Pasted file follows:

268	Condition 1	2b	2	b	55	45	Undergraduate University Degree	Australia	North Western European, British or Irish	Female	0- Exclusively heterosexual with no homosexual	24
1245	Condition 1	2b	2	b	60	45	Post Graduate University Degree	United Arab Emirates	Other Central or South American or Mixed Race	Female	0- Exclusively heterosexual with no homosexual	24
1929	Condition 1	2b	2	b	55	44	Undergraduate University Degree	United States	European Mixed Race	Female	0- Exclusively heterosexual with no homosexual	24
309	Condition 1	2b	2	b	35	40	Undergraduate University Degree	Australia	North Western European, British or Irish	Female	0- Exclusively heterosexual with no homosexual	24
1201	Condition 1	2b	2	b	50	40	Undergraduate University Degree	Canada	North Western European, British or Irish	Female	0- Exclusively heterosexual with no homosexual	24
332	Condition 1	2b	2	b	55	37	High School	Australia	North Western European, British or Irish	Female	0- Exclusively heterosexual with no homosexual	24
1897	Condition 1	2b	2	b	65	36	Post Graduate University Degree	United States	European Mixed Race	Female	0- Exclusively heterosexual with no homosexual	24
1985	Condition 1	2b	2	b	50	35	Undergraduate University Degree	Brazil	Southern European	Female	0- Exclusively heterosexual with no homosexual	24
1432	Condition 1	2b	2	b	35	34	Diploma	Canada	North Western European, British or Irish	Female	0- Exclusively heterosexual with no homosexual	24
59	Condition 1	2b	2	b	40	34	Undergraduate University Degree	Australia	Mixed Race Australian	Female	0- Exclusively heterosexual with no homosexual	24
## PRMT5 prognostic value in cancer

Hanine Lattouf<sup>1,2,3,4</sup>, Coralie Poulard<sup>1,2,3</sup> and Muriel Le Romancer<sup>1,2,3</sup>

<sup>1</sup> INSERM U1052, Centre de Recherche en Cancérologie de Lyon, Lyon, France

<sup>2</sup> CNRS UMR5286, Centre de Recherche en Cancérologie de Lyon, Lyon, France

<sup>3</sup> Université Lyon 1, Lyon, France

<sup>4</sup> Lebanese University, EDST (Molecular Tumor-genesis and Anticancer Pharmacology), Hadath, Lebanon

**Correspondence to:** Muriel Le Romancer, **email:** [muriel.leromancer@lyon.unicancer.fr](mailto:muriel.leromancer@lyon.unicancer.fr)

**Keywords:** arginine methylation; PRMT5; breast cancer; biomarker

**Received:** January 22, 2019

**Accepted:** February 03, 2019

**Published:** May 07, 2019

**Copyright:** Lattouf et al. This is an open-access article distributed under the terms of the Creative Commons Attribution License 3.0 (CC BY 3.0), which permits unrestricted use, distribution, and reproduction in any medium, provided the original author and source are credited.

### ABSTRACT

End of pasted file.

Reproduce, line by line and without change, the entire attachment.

268	Condition 1	2b	2	b	55	45	Undergraduate University Degree	Australia	North Western European, British or Irish	Female	0- Exclusively heterosexual with no homosexual	24
1245	Condition 1	2b	2	b	60	45	Post Graduate University Degree	United Arab Emirates	Other Central or South American or Mixed Race	Female	0- Exclusively heterosexual with no homosexual	24
1929	Condition 1	2b	2	b	55	44	Undergraduate University Degree	United States	European Mixed Race	Female	0- Exclusively heterosexual with no homosexual	24
309	Condition 1	2b	2	b	35	40	Undergraduate University Degree	Australia	North Western European, British or Irish	Female	0- Exclusively heterosexual with no homosexual	24
1201	Condition 1	2b	2	b	50	40	Undergraduate University Degree	Canada	North Western European, British or Irish	Female	0- Exclusively heterosexual with no homosexual	24
332	Condition 1	2b	2	b	55	37	High School	Australia	North Western European, British or Irish	Female	0- Exclusively heterosexual with no homosexual	24
1897	Condition 1	2b	2	b	65	36	Post Graduate University Degree	United States	European Mixed Race	Female	0- Exclusively heterosexual with no homosexual	24
1985	Condition 1	2b	2	b	50	35	Undergraduate University Degree	Brazil	Southern European	Female	0- Exclusively heterosexual with no homosexual	24
1432	Condition 1	2b	2	b	35	34	Diploma	Canada	North Western European, British or Irish	Female	0- Exclusively heterosexual with no homosexual	24
59	Condition 1	2b	2	b	40	34	Undergraduate University Degree	Australia	Mixed Race Australian	Female	0- Exclusively heterosexual with no homosexual	24
## PRMT5 prognostic value in cancer

Hanine Lattouf<sup>1,2,3,4</sup>, Coralie Poulard<sup>1,2,3</sup> and Muriel Le Romancer<sup>1,2,3</sup>

<sup>1</sup> INSERM U1052, Centre de Recherche en Cancérologie de Lyon, Lyon, France

<sup>2</sup> CNRS UMR5286, Centre de Recherche en Cancérologie de Lyon, Lyon, France

<sup>3</sup> Université Lyon 1, Lyon, France

<sup>4</sup> Lebanese University, EDST (Molecular Tumor-genesis and Anticancer Pharmacology), Hadath, Lebanon

**Correspondence to:** Muriel Le Romancer, **email:** [muriel.leromancer@lyon.unicancer.fr](mailto:muriel.leromancer@lyon.unicancer.fr)

**Keywords:** arginine methylation; PRMT5; breast cancer; biomarker

**Received:** January 22, 2019

**Accepted:** February 03, 2019

**Published:** May 07, 2019

**Copyright:** Lattouf et al. This is an open-access article distributed under the terms of the Creative Commons Attribution License 3.0 (CC BY 3.0), which permits unrestricted use, distribution, and reproduction in any medium, provided the original author and source are credited.

### ABSTRACT